Resource: Insurance Journal “What’s Inflating Agribusiness Insurance Costs” By: Joe Dunn, Angel Mendez & Scott W. Dunn
After reading the above cited article, it seems like the agribusiness industry is seeing increasing auto losses, along with increasing auto insurance premiums. In this article, it lists two scenarios for the causes of these increases and I will also use these scenarios for explanation.
Scenario 1: “As he does every day, a Californian farm labor contractor transports employees to and from job sites. One evening, while driving six workers home, the contractor drifts off the highway. He overcorrects, causing the van to flip several times. All six passengers, including 2 underage girls are ejected from the vehicle. Three men are pronounced dead at the scene and one of the underage girls later dies from her injuries.”
Scenario 2: “After inspecting a field to be harvested, a farm labor contractor employee stops at a bar and consumes five shots of whiskey and two 22-ounce beers in a three-hour period. He subsequently climbs into his truck and while texting, rear-ends a car stopped at a red light. A 4-year-old boy in the rear-ended car is killed instantly, while his mother and sister are injured.”
I know you are reading these scenarios and thinking these accidents could occur in any business, and this is true, but agribusiness uses “carpooling” frequently. Agribusiness also tends to be more connected to the community, so people may meet at local restaurants or bars to talk during or after the workday. In some cases it is hard to say when the workday officially ended, and when a claim goes to court, the judge could decide that since it was assumed the employee was still on the clock, the employer’s policy is responsible for any damages.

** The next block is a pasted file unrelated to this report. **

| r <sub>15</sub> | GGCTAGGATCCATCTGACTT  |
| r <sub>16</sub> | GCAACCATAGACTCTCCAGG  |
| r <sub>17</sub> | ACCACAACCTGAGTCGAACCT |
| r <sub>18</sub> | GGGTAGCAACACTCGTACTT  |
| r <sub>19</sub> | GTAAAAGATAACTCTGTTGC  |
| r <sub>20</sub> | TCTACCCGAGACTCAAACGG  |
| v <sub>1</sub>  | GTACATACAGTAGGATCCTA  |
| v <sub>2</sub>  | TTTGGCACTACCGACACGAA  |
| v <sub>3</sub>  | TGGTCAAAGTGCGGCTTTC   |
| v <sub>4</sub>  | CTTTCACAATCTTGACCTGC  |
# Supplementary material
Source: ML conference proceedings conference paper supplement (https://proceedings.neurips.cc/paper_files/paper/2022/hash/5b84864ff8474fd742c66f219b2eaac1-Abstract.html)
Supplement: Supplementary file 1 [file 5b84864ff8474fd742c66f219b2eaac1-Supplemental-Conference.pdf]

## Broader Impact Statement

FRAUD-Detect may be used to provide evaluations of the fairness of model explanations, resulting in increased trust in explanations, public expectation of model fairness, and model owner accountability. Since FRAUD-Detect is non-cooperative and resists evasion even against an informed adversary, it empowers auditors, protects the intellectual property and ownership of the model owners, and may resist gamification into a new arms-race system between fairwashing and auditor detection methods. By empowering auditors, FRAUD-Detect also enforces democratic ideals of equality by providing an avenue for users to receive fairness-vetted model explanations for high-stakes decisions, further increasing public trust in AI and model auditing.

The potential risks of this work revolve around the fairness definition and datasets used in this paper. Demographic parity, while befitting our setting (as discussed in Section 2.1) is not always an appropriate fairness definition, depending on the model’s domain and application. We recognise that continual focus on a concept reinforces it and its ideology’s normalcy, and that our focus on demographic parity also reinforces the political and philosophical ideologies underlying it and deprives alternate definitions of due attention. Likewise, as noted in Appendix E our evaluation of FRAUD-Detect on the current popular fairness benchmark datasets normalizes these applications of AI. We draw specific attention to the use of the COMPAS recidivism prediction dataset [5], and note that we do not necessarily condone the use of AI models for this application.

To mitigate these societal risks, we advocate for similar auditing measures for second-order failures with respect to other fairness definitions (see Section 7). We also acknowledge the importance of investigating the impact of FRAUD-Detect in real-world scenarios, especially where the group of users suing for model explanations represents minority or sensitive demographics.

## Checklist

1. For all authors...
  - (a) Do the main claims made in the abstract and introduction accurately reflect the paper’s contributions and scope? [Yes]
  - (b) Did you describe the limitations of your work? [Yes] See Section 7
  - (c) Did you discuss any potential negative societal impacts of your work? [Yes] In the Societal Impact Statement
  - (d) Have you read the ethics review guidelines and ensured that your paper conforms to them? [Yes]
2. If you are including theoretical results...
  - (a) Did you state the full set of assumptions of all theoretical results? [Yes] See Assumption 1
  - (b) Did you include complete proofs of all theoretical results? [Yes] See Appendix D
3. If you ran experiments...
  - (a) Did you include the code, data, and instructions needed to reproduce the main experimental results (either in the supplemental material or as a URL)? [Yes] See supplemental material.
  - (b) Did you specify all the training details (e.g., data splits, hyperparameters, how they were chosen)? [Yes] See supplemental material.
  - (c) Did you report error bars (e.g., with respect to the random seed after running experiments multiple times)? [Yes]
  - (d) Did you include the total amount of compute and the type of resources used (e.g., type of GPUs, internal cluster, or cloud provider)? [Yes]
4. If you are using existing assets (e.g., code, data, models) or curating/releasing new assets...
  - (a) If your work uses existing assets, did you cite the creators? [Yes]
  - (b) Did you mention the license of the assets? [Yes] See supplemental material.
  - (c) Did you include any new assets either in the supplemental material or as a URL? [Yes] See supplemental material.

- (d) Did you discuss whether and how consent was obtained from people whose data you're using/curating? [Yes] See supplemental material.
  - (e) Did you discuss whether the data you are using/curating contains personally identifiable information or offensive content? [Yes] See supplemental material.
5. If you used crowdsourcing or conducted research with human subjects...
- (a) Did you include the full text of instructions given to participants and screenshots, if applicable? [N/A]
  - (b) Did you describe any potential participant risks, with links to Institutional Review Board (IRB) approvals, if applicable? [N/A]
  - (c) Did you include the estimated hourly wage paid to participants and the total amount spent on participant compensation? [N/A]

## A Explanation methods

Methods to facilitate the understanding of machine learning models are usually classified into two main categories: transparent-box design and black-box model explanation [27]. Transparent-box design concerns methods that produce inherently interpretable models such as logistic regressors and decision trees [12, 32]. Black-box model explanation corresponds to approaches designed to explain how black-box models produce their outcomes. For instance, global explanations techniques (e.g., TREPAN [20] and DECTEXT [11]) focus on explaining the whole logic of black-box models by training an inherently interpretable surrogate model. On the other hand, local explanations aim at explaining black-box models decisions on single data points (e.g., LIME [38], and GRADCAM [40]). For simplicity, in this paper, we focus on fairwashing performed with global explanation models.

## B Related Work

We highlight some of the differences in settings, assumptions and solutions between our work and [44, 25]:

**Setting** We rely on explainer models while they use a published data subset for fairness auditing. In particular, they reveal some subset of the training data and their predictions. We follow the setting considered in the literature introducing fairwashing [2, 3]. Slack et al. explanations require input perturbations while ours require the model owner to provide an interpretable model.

These types of losses are becoming far more common, but for businesses these losses have other consequences. Possible consequences include a higher annual premium, a company’s refusal to write the coverage, and other companies excluding drivers from the policy (leaving experienced workers unavailable). And if one company refusing to the write the coverage isn’t bad enough, depending on the severity of the losses, no company will offer to write the coverage at all. Luckily there are ways to help mediate these auto losses to show companies that you are willing to make sure it doesn’t happen again.
*Good driver selection
*Drug and alcohol testing
*Vehicle inspection and maintenance
*Accident response and investigation procedures
*Post-loss claim mitigation strategies
*Driver-incentive and discipline programs
*Mock DOT and OSHA audits
By beginning or continuing to follow these steps, you can help to prevent these losses and keep your rates low. You will also contribute to reducing the high premium increases the insurance industry is implementing to cover these large and frequent losses.
Returning to the scenarios detailed above, here are the outcomes:
Scenario 1: The farm labor contractor was found to not have a driver’s license and was sued by multiple parties. He ended up filing for bankruptcy and closed his business. The U.S. Department of Labor also sued the grower who hired him for violating worker safety and transportation laws.